Paradoxes of Learning
On Becoming An Individual in Society
By Peter Jarvis
Routledge – 2012 – 276 pages
As more is discovered about the powerful impact of lifelong learning on adults, educators are changing their views about how, when and where we learn. Learning is no longer defined only in the context of formal educational settings but in social context as well – including families, the workplace, and religious and political groups. This book explores how learning is our lifetime quest to understand personal identity, purpose and meaning while conforming and adapting to the perceived and real confines of our paradoxical society.
The author examines the complex social experience of learning, revealing how culture, gender, race and other societal factors shape an individual’s identity and ability to function in relationships – the basis of all learning. He also discusses the difficult paradox of cultivating creative thinking and reflective action in a society that values the acquisition of degrees, certificates and titles over actual learning and growth.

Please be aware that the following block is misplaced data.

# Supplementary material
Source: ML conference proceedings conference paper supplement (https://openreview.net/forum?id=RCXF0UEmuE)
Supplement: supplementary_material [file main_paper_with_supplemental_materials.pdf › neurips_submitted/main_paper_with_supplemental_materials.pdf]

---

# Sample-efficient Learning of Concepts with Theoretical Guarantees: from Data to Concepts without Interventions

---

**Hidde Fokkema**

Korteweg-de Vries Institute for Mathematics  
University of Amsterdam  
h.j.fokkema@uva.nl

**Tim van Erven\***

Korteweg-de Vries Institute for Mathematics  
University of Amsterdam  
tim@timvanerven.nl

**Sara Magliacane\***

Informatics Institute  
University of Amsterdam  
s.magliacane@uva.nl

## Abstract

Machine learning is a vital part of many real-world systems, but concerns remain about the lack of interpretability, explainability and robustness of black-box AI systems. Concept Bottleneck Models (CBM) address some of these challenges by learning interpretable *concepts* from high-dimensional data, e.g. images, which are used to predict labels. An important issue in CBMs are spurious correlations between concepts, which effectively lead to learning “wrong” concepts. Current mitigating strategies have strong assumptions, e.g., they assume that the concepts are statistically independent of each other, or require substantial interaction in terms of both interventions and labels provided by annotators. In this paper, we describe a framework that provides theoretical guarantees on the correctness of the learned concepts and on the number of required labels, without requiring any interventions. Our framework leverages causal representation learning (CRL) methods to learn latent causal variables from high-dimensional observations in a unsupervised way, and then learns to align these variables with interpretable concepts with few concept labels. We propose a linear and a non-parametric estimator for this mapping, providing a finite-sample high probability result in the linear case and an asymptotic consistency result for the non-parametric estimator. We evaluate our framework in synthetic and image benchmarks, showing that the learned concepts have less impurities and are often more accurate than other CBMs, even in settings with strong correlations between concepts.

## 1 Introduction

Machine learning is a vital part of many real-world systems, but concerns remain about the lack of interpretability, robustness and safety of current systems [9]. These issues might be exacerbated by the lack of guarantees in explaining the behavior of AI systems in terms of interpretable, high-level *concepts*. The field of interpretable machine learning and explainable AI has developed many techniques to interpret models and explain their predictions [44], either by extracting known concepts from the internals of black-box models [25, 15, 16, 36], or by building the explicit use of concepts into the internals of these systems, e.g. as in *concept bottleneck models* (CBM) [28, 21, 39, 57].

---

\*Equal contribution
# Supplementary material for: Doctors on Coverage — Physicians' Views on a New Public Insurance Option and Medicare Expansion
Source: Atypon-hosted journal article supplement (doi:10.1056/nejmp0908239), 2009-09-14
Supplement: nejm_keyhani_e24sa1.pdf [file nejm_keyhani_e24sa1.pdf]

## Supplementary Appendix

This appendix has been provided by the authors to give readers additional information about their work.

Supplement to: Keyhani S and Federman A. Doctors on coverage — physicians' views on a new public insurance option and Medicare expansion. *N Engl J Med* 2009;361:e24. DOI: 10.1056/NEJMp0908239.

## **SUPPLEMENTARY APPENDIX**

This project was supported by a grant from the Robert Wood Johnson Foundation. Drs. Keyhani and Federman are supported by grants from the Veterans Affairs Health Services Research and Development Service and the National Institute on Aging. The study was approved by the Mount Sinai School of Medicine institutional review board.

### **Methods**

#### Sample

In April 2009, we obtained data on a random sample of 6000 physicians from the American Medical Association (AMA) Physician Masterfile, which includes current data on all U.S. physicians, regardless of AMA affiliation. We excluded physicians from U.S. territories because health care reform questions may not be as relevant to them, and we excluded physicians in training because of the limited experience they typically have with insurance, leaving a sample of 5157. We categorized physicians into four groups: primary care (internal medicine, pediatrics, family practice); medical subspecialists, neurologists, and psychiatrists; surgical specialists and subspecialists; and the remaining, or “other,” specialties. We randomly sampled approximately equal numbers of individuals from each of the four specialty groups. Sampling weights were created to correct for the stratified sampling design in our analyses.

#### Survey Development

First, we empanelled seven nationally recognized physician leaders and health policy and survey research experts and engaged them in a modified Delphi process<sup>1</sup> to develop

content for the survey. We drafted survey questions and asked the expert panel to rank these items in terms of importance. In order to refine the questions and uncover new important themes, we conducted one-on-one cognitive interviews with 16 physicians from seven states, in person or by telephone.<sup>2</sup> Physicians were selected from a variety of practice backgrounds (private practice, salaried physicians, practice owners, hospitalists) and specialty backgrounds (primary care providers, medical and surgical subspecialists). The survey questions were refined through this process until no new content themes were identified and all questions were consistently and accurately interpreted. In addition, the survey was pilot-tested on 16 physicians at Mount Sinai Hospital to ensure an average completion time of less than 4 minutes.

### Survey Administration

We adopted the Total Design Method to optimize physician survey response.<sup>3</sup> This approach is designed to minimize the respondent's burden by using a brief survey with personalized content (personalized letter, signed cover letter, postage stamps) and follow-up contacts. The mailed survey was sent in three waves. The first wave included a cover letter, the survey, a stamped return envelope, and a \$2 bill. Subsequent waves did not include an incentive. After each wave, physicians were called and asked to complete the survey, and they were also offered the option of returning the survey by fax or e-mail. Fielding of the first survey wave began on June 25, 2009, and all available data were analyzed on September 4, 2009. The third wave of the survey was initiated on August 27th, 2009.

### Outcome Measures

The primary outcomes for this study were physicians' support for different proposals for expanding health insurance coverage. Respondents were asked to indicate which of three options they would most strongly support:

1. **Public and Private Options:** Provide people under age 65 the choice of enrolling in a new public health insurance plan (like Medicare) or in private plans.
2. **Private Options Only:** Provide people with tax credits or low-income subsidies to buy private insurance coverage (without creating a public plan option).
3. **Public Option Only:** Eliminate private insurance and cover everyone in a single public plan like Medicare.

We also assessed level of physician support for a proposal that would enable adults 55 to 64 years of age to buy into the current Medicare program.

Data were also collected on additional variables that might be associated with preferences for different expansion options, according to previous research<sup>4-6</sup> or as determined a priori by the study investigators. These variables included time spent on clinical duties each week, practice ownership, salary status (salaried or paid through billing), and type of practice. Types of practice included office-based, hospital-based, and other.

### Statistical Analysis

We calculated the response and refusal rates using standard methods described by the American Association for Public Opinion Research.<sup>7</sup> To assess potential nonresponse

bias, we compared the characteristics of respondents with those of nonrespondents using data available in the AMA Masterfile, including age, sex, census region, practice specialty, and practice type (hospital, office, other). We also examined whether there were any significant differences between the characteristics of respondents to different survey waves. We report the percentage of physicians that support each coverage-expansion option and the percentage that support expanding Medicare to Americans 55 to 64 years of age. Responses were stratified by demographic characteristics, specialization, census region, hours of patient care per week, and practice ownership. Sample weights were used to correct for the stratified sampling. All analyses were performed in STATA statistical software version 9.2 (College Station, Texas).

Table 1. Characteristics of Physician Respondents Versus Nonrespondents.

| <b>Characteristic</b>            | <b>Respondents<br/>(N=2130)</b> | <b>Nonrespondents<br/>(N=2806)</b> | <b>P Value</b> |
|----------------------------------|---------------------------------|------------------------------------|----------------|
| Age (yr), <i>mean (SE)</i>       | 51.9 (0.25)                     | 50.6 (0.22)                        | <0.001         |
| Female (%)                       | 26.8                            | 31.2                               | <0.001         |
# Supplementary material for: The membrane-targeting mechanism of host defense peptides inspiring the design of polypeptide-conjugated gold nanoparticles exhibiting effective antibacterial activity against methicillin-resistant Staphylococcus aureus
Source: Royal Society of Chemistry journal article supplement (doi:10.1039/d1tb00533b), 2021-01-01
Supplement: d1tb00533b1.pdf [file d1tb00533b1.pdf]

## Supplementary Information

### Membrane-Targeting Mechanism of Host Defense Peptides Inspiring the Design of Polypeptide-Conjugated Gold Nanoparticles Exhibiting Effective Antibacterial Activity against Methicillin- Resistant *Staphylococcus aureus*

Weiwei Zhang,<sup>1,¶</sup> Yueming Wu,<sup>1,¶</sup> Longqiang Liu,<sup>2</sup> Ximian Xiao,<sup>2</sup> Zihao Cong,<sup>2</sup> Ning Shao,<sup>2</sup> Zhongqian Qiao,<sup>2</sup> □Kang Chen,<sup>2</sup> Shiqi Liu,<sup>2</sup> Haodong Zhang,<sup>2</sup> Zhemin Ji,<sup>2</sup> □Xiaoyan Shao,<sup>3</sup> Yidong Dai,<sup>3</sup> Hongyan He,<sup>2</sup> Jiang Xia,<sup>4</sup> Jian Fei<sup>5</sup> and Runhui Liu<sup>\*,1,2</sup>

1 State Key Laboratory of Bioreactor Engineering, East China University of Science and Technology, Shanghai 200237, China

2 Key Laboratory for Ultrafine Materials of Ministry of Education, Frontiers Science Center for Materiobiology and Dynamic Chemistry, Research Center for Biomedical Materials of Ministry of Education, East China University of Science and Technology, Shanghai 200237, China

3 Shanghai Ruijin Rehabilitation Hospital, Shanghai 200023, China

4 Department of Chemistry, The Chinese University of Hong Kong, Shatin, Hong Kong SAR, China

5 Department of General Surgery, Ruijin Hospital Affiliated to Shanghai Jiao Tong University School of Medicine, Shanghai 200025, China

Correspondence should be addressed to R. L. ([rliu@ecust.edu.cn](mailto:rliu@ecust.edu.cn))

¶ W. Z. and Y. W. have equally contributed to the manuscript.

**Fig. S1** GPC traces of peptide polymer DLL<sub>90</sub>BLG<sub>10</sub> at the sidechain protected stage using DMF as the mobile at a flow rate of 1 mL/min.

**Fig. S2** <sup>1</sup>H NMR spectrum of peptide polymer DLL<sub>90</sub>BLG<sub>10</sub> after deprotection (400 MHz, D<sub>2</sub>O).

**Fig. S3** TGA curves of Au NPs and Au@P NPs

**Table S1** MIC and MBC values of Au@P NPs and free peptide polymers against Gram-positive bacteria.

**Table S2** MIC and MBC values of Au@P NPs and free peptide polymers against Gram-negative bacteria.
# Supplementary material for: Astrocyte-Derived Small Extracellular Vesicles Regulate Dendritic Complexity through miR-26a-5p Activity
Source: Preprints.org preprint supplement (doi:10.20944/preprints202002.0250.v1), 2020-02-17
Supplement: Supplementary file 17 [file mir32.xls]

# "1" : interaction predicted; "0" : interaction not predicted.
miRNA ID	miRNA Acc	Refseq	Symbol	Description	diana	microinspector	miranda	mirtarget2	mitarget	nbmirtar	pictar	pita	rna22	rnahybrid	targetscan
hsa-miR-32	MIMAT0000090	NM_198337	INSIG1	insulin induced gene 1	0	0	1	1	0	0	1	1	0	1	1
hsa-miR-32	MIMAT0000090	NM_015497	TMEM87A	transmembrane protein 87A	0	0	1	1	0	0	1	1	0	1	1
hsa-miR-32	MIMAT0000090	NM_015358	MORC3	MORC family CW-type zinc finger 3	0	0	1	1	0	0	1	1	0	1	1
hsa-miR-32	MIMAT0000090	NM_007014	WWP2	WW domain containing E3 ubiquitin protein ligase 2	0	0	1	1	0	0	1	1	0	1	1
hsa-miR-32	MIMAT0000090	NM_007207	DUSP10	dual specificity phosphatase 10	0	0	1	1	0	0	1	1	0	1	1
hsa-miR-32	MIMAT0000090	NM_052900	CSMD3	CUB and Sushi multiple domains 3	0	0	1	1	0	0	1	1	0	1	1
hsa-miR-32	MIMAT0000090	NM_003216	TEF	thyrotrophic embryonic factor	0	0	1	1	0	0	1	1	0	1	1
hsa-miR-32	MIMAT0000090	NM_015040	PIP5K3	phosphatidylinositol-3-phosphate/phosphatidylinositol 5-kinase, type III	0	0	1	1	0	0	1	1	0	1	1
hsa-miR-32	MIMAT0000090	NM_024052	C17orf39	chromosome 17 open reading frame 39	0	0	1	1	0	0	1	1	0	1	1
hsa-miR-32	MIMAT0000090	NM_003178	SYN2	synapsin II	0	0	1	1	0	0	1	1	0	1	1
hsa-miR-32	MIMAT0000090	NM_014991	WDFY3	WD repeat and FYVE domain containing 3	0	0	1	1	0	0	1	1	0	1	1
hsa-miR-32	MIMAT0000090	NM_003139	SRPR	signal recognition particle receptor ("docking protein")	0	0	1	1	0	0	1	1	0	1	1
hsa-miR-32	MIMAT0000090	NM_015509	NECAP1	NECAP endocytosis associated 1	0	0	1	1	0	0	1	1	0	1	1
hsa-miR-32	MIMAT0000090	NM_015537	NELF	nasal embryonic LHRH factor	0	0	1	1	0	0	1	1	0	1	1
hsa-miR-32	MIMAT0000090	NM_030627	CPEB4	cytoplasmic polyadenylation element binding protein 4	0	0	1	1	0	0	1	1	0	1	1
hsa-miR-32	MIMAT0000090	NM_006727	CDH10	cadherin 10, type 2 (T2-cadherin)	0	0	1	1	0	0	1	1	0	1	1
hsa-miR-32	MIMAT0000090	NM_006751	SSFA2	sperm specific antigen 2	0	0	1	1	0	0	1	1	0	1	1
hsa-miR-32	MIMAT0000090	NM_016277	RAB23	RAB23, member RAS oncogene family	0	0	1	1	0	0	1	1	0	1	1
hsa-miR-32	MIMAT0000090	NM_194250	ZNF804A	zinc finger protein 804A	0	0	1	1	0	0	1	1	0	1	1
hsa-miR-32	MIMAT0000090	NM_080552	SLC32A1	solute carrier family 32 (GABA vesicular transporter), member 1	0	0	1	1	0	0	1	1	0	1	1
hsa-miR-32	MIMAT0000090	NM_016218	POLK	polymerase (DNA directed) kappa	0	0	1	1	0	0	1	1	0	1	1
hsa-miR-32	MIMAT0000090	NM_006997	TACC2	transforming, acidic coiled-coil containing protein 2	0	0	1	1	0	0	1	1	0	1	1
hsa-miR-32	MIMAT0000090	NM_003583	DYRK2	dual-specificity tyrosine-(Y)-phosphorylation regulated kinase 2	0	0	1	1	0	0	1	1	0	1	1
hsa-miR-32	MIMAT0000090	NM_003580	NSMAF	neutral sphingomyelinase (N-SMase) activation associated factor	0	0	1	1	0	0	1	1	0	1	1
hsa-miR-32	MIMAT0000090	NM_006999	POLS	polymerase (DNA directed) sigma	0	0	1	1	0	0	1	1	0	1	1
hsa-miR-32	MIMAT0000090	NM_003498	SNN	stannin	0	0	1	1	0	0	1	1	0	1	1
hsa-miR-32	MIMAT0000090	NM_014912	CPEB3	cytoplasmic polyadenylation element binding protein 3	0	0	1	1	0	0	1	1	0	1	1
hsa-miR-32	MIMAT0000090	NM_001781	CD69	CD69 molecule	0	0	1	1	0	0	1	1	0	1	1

Preface. Part 1 The Development of the Social Self. 1 The Nature of Human Learning. 2 The Paradox of Living and Learning in Society. 3 Being and the Birth of the Self. 4 Understanding Conscious Action. 5 Learning and Action. 6 Interests and Learning. Part 2: Personal Growth Through Lifelong Learning. 7 Being a Person. 8 Authenticity, Autonomy and Self-Directed Learning. 9 Being and Having. 10 Meaning and Truth. 11 Learning, Personhood and the Workplace. 12 Aging and Wisdom. 13 Learning and Change. 14 The Political Dimension of Learning. 15 Implications for Teaching and Education. References. Index.